There is an adage that I am sure most of you have heard of, “The whole is greater than the sum of its parts.” Upon further examination, there are examples of this truth all around us. For example, a PC. There are various hardware components in use in its design and assembly. However, no matter how expensive the components or impressive their specifications, this is nothing more than an overpriced paperweight without software.
There are numerous examples of this ideology in play in almost every recess of our business and professional lives. So, obviously, this is not a new concept, but the seamless integration of these two sectors of technology was not always this flawless.
Even when I was in college, the two technologies were taught in different classes, and there were seldom mentions of the other unless it was absolutely necessary. This type of division also carried over into the professional world as well. Although the appeal of knowing both sides of this proverbial coin was ideal, the job description usually type-fitted you into one category or the other. However, the tides are changing. With the onset of smart cars, smart TVs, smartphones, and smart homes, the need for hardware-software co-design is more significant than ever before.
What is Hardware Software Co-design?
Hardware-software co-design was a concept that began in the 1990s. Its core concept was the concurrent designs of hardware and software components of complex electronic systems. It aimed to incorporate the two technologies and exploit the synergy between the two. In essence, it was a way to merge hardware and software in an attempt to optimize and satisfy design constraints such as cost, performance, and power of the final product.
At its inception, the best of both worlds' approach ultimately failed. Mainly because the idea and concept were sound, but the timing was not. At least in terms of the technology that it would require for the full benefit of this innovative concept to reach its maximum potential.
In any industry, forward-thinking is the only way to ensure advancement and longevity. Forward-thinking is precisely what hardware-software co-design represents. The proof of this is the fact that after nearly two decades, this concept is finally receiving the attention it deserves.
Why is Hardware Software Co-design the Way of the Future?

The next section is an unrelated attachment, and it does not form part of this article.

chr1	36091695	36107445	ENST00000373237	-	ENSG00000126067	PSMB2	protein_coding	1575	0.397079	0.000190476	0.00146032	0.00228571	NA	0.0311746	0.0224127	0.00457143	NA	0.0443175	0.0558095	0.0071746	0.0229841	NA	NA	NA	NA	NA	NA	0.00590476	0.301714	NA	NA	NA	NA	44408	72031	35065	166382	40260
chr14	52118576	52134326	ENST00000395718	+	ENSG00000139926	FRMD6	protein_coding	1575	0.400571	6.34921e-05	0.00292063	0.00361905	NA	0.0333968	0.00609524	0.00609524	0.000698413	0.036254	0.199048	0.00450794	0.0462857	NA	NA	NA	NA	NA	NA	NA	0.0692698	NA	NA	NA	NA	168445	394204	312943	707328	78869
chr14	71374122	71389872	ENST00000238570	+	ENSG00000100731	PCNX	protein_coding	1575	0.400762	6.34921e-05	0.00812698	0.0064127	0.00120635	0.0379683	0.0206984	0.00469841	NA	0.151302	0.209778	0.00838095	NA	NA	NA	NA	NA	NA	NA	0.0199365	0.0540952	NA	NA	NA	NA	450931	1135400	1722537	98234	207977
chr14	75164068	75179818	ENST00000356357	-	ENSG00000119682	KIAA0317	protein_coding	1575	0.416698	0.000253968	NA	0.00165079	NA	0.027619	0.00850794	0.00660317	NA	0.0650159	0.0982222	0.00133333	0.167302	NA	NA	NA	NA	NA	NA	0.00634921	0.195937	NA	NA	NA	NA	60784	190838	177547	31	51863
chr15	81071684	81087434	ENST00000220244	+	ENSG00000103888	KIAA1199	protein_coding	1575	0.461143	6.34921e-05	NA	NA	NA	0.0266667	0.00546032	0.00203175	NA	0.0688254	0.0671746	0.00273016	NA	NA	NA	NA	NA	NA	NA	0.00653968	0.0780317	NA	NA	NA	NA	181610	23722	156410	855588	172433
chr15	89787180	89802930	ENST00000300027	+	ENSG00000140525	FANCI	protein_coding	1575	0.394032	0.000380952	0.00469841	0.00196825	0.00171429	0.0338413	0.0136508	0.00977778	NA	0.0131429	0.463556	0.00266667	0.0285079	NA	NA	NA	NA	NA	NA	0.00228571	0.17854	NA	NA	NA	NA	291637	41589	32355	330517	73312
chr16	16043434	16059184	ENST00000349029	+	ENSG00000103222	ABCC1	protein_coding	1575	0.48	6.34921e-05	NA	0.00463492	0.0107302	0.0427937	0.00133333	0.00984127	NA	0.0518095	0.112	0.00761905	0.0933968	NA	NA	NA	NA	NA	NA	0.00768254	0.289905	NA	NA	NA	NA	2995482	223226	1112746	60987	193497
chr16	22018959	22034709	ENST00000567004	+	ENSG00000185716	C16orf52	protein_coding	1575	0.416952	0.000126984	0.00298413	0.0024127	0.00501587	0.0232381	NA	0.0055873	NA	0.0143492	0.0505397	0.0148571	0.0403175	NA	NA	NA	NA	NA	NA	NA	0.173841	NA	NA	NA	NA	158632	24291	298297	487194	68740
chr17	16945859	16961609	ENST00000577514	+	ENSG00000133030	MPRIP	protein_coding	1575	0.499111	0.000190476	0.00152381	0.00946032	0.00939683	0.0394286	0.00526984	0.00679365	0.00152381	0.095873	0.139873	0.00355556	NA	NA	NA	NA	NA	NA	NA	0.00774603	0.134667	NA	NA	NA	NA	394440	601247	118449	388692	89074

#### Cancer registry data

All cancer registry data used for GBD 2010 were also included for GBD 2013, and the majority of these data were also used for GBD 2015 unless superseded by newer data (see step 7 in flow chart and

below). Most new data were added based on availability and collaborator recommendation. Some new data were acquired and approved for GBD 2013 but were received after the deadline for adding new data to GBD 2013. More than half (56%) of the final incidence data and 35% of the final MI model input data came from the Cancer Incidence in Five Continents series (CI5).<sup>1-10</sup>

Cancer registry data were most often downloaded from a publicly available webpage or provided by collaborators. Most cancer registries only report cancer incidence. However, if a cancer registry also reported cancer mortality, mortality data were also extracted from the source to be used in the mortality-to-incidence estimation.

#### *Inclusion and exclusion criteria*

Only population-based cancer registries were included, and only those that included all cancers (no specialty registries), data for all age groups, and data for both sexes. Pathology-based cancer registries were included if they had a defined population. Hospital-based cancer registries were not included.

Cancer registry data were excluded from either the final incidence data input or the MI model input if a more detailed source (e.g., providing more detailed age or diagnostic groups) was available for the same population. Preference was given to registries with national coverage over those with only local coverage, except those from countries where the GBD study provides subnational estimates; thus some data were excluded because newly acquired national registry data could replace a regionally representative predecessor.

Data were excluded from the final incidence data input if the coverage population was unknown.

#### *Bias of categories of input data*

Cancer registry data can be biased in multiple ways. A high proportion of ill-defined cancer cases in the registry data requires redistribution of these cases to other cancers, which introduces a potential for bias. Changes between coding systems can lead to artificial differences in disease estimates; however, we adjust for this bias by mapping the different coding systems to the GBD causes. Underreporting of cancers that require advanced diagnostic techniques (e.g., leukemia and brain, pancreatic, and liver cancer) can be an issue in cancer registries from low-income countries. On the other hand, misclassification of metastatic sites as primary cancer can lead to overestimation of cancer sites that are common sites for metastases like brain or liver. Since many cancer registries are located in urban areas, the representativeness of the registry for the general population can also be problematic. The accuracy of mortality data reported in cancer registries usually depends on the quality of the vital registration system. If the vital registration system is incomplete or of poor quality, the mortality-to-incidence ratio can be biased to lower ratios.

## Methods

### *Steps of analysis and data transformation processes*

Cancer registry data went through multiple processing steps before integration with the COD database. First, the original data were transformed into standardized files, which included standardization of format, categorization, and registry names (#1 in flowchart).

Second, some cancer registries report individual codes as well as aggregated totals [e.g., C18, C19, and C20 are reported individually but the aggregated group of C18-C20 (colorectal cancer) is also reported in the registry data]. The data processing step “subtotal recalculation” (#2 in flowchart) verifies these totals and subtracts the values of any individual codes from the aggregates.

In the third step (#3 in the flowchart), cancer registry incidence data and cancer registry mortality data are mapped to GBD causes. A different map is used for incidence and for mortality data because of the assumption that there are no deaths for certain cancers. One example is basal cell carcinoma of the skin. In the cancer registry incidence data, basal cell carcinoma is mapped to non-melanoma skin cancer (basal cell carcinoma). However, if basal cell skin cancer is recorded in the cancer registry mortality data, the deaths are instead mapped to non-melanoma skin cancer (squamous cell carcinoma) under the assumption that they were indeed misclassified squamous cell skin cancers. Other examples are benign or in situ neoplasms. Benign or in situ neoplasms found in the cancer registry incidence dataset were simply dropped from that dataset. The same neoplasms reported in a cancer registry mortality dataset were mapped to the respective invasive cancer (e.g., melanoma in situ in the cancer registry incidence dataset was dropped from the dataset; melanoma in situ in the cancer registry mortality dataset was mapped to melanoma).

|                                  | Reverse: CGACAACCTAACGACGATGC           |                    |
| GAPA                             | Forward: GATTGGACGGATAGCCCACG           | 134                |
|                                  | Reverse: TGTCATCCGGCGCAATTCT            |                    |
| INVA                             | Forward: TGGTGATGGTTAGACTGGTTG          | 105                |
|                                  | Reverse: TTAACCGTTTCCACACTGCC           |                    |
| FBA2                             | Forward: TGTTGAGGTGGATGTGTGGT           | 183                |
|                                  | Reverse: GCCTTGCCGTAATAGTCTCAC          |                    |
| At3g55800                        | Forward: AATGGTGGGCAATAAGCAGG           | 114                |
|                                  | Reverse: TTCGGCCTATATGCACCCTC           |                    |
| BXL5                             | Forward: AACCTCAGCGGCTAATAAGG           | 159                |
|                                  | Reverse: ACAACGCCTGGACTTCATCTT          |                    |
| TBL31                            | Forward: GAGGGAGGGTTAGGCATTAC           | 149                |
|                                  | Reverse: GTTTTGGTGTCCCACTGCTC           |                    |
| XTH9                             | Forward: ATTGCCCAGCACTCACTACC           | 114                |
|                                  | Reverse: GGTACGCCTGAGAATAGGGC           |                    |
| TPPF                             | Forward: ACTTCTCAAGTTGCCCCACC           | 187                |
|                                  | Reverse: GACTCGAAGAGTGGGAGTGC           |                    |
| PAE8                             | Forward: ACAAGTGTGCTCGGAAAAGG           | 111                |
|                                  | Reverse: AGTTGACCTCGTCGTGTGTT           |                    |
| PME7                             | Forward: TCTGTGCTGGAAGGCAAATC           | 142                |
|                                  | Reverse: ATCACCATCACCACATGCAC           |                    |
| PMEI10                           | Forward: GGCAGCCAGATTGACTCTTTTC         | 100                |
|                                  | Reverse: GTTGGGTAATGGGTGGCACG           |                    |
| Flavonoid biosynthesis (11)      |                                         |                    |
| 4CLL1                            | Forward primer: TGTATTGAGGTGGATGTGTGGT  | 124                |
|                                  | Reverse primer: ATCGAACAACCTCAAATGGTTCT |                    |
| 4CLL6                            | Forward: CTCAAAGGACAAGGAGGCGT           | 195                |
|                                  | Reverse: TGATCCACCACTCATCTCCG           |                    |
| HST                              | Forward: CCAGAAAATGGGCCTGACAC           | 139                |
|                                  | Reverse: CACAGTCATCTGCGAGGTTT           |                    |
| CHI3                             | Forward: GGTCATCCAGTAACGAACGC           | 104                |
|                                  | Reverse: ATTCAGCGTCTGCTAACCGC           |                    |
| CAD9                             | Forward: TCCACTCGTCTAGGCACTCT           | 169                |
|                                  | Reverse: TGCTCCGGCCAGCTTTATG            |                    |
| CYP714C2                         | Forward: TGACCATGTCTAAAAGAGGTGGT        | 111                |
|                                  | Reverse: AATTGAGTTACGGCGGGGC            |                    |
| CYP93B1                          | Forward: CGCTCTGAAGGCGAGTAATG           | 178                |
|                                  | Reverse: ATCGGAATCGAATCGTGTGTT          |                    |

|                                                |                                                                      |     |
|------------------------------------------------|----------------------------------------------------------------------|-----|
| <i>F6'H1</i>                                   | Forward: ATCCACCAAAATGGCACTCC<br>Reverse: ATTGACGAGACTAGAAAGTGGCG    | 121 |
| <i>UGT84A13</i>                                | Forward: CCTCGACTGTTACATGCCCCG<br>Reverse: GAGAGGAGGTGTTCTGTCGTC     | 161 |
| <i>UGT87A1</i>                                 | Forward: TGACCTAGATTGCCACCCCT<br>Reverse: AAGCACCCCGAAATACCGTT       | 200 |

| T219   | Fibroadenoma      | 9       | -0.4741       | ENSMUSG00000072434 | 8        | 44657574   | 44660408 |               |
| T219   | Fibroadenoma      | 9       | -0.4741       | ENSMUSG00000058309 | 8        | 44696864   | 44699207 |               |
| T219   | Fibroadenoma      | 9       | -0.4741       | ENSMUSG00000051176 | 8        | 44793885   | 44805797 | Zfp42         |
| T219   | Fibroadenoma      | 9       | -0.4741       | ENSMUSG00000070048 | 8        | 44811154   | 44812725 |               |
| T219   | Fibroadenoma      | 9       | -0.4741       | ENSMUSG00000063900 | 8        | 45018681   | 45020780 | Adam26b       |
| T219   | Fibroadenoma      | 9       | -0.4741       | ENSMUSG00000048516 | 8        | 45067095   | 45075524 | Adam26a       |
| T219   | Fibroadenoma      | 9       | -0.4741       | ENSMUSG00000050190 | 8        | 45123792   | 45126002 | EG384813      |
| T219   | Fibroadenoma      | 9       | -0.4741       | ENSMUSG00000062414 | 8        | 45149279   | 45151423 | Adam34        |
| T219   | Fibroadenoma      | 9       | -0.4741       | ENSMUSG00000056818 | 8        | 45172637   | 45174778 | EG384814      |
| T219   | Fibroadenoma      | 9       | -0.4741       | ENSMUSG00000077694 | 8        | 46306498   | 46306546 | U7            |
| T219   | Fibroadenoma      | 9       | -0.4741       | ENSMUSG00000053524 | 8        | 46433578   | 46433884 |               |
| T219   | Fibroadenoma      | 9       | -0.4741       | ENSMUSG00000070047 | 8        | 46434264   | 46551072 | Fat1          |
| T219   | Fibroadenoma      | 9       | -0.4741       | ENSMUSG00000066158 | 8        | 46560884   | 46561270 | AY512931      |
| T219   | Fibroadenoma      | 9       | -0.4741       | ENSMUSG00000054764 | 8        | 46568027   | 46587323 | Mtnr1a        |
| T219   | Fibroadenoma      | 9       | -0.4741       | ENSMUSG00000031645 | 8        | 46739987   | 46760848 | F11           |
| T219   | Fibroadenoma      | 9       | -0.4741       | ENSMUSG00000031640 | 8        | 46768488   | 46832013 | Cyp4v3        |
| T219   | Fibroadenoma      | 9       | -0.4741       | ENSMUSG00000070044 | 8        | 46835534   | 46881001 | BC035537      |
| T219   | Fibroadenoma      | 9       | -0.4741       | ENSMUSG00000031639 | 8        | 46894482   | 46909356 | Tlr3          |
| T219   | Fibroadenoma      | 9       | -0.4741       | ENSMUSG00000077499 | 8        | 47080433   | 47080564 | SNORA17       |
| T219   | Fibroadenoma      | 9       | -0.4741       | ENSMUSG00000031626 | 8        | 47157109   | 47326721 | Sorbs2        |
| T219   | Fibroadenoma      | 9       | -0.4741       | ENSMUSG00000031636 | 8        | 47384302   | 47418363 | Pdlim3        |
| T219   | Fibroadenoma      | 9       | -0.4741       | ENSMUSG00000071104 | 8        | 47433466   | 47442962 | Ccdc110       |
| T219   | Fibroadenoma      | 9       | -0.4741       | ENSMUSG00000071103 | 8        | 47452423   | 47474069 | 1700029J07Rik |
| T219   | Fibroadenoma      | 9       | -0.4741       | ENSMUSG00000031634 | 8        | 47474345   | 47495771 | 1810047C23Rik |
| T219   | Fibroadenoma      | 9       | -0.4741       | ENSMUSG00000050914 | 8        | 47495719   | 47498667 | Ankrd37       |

In the field of electronics, we see continuous advancements and changes in technology. These changes are not merely driven by innovation, but by demand as well. The continual integration of technology into every device in our personal and professional lives deems the need for smarter electronics. We expect more functionality from our devices as we put more and more demands on them.
With circuits getting smaller and more densely packed, co-design is going to be imperative with system designs and IoT architectures.
With this increased demand comes increased dependency. Who among us can actually go for one hour without our smartphone, tablet, PC, or laptop? The quick answer is, none of us. For some, our whole lives are on some of these devices or stored on a server.
All of the points mentioned above brings us to an inevitable truth, hardware-software co-design is the future. I stated earlier that hardware-software co-design was not a new concept and the fact that it ultimately failed the first time. However, if you carefully examine the electronics landscape of today, you will realize that it is the only way we will continue to evolve our technology.
The Integration of Hardware-Software Co-design
There are two divisions of technology today that epitomizes what hardware-software co-design can achieve. They are Artificial Intelligence (AI) and Machine Learning (ML). These two technologies are changing the way we look at technology and our possible future.
At this time, our world is growing in complexity, and there is an emphasis on architectural improvements that cannot be achieved without hardware-software co-design. There is also an increasing need for our devices to be scalable to stay on par with both advancements and demand.
Today’s designers (PCB) are finding that software is a critical component, and its integration affords their designs increased functionality and performance. Furthermore, the software also provides a level of flexibility, which is crucial in the design process. This is made possible by the use of algorithms that are in a nearly constant state of flux.
How Hardware-Software Co-design is in Use Today